HARLINGEN — The beauty of a yard, or even a golf course, is that with a little coaxing, it really tries to come back.
Several months ago, a handful of fairways at the Tony Butler Golf Course were damaged when a weedkiller application went awry in an effort to stamp out crabgrass and goose grass on the course. The only spot that’s still not in play due to the herbicide is a brownish-green landing area on the par-five 1st hole.
Eddie Medlin, the director of golf who runs the facility, said the grounds crew mixed two chemicals to apply to the fairways, a not uncommon practice. Medlin added that he and the superintendent have concluded there was a buildup of one of the chemicals inside the applicator, which threw off calculations on the proper mixture.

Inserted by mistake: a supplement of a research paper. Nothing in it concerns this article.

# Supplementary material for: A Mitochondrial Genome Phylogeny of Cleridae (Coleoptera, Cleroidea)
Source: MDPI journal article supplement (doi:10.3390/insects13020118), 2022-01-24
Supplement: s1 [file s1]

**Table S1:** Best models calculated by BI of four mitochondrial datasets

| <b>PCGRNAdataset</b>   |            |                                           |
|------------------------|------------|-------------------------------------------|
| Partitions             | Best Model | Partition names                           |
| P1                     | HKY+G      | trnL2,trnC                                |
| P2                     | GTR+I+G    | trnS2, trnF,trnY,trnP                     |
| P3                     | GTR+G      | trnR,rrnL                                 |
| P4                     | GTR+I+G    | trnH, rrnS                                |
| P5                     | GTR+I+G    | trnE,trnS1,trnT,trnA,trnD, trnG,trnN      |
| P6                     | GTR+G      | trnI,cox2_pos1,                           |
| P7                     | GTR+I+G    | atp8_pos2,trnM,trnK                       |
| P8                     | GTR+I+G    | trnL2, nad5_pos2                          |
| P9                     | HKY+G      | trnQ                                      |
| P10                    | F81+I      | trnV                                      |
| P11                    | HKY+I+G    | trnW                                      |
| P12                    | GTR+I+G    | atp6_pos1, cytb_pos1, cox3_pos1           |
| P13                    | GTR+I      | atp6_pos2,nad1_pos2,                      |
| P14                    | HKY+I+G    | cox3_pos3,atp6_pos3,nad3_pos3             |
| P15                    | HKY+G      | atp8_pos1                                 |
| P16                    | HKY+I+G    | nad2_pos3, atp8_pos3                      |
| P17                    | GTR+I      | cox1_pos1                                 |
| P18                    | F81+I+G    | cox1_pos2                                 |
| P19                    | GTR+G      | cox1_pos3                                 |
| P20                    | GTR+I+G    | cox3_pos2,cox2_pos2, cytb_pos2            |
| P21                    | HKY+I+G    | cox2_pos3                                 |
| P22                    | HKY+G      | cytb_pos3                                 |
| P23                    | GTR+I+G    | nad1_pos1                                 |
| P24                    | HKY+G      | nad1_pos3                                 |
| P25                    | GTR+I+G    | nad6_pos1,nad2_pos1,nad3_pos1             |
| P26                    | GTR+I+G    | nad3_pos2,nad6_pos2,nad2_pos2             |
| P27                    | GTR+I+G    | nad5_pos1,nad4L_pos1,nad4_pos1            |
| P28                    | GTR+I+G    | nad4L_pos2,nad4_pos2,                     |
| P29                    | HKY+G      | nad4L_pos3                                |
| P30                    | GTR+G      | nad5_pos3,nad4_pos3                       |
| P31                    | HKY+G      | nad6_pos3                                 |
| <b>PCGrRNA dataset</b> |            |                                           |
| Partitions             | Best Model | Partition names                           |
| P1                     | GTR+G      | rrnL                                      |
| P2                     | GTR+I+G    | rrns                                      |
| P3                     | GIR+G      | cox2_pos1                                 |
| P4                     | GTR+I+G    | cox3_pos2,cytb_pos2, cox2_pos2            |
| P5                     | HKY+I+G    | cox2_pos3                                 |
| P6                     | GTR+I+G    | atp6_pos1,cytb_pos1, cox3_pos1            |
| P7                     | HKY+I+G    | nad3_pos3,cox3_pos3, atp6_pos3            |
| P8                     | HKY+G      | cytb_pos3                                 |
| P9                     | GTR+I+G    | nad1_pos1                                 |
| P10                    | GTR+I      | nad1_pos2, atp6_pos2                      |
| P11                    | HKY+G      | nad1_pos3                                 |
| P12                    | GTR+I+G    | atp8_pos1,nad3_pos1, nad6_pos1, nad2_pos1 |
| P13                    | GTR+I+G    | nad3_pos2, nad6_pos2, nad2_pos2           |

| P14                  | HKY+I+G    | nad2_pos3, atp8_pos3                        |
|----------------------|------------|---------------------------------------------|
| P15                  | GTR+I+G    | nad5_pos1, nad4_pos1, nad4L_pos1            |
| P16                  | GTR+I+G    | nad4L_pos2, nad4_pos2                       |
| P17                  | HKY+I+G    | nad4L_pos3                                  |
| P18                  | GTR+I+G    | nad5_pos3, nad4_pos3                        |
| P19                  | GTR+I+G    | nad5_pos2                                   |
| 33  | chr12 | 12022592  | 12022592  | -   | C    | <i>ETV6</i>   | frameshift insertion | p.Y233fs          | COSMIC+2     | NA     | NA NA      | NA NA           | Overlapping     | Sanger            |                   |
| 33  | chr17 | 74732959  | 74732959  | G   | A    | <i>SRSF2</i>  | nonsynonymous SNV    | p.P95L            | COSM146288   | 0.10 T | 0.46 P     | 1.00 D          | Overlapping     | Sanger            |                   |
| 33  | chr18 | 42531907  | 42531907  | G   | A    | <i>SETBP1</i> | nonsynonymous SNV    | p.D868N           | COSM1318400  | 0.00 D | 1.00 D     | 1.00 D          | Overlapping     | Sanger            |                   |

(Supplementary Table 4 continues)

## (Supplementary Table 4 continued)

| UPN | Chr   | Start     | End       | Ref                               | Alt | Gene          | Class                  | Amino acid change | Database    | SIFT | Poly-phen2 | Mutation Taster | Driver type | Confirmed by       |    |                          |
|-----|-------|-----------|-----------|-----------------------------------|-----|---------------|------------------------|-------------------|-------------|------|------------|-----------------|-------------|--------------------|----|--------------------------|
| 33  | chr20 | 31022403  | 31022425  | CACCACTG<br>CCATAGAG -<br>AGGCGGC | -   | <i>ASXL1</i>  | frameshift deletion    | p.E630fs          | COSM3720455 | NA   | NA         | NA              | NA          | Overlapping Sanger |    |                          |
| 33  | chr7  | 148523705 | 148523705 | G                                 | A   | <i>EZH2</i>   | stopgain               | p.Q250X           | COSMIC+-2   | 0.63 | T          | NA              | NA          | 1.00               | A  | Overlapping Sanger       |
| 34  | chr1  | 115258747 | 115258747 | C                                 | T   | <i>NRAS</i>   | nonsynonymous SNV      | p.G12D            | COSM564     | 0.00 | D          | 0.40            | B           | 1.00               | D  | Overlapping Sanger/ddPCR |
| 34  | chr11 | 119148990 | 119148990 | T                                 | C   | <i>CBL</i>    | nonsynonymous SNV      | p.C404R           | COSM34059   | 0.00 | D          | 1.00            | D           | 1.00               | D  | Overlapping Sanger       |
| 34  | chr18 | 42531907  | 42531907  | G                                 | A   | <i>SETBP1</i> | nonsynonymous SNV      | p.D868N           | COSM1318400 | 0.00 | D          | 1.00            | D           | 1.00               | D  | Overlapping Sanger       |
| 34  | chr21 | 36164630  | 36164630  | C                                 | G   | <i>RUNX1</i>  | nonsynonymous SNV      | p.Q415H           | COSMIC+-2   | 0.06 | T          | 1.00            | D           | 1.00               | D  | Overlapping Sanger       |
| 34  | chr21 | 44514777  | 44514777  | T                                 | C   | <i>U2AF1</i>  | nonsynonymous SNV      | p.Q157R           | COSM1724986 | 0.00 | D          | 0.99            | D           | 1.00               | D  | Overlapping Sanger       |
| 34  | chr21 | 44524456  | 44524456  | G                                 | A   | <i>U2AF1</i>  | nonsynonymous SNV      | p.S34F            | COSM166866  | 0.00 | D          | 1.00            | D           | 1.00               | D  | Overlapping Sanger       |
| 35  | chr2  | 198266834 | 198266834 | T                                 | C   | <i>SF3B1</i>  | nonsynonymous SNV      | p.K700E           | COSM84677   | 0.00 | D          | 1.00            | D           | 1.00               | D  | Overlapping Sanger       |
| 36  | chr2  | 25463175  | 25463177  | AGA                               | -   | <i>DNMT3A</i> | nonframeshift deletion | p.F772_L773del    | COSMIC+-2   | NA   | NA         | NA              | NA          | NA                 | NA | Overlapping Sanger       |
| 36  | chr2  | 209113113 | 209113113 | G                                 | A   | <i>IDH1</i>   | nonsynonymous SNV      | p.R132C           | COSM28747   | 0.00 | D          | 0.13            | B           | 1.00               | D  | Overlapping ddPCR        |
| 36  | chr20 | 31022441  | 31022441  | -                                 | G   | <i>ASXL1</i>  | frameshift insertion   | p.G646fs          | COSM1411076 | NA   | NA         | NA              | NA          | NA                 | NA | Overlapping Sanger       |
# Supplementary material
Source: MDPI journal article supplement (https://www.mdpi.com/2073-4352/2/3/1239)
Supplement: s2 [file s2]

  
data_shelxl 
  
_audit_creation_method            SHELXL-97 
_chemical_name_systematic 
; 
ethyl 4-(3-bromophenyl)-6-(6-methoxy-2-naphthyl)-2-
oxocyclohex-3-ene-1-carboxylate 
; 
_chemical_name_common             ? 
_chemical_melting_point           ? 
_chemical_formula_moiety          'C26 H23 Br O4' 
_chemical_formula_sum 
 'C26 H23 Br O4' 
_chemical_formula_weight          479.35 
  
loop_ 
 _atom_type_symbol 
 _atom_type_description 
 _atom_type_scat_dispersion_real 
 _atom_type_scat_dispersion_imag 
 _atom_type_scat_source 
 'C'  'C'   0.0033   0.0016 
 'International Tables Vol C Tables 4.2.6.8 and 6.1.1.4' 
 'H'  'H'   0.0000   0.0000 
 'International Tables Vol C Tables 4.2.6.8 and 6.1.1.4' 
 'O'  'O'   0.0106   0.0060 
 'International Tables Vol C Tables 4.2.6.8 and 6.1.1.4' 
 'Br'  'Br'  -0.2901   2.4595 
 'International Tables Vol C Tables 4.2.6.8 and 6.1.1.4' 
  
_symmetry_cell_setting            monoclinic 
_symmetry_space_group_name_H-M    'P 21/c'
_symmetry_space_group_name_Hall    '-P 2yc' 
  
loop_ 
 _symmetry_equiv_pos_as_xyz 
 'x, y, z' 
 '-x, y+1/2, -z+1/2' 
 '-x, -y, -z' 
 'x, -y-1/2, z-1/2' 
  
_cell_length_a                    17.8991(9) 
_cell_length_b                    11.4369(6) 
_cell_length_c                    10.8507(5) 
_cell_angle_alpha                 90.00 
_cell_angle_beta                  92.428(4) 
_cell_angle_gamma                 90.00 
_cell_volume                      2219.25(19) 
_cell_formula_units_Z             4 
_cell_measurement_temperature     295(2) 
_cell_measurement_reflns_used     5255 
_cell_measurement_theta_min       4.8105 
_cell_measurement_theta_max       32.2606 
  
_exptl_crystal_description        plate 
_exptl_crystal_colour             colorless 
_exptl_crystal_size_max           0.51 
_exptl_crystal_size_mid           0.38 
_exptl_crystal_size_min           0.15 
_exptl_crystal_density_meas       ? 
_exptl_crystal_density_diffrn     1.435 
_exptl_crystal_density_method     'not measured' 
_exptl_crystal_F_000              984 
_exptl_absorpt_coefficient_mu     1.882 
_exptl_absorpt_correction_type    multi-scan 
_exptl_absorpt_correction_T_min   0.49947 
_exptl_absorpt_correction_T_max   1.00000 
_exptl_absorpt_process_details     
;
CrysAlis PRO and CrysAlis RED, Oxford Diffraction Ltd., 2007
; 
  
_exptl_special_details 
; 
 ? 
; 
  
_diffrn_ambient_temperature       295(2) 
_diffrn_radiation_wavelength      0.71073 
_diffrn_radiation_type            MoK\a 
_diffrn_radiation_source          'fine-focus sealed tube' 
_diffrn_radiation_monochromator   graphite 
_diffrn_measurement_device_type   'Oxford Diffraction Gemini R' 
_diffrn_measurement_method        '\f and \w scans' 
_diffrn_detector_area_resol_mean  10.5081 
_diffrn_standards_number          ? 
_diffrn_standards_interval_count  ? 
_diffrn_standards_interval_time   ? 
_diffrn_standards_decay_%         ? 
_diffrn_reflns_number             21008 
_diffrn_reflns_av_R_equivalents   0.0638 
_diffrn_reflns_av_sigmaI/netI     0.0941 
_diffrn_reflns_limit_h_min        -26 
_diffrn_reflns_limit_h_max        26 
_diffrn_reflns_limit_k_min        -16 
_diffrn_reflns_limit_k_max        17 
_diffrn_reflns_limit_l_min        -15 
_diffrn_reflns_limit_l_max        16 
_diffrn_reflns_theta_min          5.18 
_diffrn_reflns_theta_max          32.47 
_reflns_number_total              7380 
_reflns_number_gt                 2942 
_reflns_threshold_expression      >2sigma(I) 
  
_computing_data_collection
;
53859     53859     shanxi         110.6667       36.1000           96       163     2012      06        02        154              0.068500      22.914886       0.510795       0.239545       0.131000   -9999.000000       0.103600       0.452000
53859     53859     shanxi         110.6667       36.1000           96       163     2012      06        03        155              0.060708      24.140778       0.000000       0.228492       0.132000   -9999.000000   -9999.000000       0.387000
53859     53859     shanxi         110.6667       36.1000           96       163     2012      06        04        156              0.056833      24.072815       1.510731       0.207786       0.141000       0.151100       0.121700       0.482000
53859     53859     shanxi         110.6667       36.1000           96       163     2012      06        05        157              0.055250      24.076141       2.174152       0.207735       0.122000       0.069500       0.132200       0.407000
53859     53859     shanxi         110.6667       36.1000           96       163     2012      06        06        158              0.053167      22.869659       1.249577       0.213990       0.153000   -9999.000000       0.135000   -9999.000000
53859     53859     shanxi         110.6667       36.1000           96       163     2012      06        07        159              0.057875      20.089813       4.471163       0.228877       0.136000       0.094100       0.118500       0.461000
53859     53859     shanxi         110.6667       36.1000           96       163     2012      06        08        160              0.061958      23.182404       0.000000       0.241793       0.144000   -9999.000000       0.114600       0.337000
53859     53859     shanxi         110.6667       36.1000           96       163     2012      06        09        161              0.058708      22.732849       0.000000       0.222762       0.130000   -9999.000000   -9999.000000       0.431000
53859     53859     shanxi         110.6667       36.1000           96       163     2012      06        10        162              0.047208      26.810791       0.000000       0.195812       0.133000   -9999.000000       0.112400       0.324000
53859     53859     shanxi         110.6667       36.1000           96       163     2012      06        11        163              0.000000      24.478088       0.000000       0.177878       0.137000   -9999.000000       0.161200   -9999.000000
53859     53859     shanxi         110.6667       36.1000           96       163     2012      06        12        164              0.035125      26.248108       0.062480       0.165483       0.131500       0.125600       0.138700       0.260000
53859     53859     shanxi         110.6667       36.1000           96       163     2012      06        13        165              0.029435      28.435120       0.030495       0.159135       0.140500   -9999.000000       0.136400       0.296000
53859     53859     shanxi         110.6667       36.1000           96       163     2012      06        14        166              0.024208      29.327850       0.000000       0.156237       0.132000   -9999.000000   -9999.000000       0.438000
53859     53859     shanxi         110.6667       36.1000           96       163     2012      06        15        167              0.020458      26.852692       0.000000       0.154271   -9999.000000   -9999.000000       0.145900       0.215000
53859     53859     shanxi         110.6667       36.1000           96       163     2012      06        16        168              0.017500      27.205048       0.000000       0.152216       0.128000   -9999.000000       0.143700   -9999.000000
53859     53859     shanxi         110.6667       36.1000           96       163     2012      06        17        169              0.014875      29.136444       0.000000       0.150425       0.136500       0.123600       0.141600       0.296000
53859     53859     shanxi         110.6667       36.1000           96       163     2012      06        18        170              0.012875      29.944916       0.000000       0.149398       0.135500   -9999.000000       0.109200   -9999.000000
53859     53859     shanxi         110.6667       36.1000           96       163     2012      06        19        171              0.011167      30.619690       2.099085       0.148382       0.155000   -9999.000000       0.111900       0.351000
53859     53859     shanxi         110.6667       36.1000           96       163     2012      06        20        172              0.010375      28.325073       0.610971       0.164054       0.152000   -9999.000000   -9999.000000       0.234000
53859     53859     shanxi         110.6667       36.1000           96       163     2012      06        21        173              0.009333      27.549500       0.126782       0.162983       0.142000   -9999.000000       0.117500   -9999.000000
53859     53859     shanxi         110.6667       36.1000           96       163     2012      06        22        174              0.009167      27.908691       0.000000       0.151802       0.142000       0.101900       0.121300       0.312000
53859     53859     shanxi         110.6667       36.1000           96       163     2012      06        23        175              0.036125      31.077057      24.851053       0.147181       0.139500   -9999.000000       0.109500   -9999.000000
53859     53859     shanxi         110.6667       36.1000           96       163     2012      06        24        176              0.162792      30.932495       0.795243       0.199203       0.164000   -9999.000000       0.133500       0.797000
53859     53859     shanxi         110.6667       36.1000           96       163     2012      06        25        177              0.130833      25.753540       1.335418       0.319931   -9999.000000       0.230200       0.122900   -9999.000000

The herbicide killed the crabgrass and goose grass, but also sent some of the fairway Bermuda grass into a dormant spin.
As Medlin walked down the fairway on the first hole, he kneeled down to pull a sprig of Bermuda grass from a greenish-brown area that had been damaged by the herbicide but was now recovering.
The runner — those horizontal shoots Bermuda grass spreads out in all directions — was light green, a sign of new growth.
“Most of the coverage has come back very nicely, and we’re excited coming into the summer.”
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